The Evolution of Automation: Meet the Restaurant Run by Robots
Will the rise of the robot chef lead to a new type of business model?
A collaborative effort
Robot automation is a rapidly rising trend in many major manufacturing areas, from cars to construction to clothing, and bots are also taking over customer service jobs, like retail assistant or even food deliverer. Now, one startup is putting robots somewhere relatively new: the kitchen.
Zume Pizza in Mountain View, California, is letting robots make their pizzas and reducing labor costs in the process. To be specific, Zume is having robots take over the tasks humans traditionally have difficulty doing. These robots spread sauce evenly and work the 426°C (800°F) oven, a workplace hazard for humans. The delivery-only company has also built a delivery van with a robot that can cook 56 pizzas en route to the customer, ensuring freshness.
The robots have allowed the startup to produce 288 pizzas an hour, and that’s with humans still contributing to the process. Zume expects full automation by March 2017.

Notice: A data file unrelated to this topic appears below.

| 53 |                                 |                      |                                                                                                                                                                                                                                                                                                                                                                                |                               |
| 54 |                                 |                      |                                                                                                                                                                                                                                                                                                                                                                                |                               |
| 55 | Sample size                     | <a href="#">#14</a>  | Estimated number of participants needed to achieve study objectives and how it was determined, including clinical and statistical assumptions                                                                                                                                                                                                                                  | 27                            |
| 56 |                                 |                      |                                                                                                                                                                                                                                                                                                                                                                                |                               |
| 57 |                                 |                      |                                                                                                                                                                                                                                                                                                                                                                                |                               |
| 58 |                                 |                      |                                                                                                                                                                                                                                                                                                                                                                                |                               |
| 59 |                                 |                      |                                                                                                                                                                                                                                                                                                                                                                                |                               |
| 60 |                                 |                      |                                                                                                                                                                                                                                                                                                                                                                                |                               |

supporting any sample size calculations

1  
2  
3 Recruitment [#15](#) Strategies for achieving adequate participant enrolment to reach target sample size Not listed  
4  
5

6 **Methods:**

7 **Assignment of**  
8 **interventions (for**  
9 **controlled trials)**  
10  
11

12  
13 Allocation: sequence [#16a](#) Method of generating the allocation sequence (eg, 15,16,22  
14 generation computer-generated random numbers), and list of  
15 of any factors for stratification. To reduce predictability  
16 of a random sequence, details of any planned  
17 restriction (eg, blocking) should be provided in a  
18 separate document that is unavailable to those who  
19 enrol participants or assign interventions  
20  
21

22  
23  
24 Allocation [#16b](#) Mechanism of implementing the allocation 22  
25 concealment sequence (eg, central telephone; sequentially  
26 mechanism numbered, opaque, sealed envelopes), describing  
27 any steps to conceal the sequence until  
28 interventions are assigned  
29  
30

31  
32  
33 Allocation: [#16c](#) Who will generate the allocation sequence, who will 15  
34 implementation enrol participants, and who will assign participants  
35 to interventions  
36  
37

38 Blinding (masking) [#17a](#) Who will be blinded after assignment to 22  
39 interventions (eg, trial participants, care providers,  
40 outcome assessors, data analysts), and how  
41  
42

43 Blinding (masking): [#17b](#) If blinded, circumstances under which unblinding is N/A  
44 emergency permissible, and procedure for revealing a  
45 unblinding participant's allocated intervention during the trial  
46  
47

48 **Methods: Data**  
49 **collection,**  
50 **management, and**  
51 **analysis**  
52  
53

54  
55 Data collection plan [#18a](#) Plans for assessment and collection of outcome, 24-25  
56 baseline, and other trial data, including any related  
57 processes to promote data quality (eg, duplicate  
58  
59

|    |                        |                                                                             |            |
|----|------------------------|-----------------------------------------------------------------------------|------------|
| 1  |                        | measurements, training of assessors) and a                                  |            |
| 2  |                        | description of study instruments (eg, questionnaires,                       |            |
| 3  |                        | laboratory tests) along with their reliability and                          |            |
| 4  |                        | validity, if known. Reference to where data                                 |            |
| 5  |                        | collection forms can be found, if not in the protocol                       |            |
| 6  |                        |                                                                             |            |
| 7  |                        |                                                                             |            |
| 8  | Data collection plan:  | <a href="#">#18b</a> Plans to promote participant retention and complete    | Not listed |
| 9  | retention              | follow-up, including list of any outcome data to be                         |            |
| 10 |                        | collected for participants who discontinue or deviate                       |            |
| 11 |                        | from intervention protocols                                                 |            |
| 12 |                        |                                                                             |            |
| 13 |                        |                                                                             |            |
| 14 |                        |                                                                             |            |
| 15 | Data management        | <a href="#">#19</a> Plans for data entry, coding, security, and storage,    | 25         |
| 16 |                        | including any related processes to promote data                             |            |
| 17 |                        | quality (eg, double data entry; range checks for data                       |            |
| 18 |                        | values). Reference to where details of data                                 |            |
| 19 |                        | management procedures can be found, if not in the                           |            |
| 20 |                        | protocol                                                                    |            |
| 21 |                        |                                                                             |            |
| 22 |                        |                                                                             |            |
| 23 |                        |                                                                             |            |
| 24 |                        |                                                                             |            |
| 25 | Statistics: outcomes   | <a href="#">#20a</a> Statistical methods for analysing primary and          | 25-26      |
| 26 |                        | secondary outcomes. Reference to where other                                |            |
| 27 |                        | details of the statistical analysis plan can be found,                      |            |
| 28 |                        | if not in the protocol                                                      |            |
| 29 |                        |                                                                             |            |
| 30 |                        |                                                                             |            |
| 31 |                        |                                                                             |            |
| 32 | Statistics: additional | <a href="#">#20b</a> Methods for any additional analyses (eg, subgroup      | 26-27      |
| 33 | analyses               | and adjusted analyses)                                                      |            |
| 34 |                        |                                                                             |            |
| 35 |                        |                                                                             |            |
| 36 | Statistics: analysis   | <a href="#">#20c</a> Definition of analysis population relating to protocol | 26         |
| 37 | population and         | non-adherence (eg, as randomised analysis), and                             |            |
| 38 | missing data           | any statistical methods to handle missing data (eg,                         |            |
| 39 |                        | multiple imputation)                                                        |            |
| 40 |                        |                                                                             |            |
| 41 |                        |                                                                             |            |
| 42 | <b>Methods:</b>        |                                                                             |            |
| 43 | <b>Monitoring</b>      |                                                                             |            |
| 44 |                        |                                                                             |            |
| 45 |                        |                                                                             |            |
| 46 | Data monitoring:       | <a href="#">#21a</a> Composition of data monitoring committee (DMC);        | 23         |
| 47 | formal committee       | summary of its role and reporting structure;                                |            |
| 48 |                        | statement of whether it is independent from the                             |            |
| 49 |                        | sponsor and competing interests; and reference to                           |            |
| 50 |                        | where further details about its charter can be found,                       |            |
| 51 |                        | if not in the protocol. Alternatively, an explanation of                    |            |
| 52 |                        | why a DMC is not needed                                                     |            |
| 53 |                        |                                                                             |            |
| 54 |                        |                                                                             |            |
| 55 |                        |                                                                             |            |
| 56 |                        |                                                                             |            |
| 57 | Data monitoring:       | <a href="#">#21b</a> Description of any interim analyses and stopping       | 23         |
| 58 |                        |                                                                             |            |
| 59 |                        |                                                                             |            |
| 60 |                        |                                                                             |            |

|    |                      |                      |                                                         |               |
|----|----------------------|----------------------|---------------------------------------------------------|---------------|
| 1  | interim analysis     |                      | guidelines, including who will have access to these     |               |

Better eating and better business
Zume is but one of the many startups placing robots in the kitchen —robots are slicing noodles, putting together sandwiches, and even making burgers at restaurants worldwide — but what this company is doing differently is creating a technology-driven business model that expertly manages the job security fears brought on by robot automation.
The company works hard to ensure that none of the robot automation is at the expense of its employees. Granted, Zume does employ a small number of people (30 total), but those employees get the royal treatment: full benefits, shares in the business, and subsidies in taking coding, graphic design, or engineering courses.
“It’s not typical for somebody to be able to start at a fast food restaurant and get sponsorship to go to a coding academy,” says Julia Collins, cofounder and co-CEO of Zume to Business Insider. “The important thing is — for those who’ve chosen to be at the leading edge of automation, as we have — how can we think responsibly about our obligation to the people that come work for us?”
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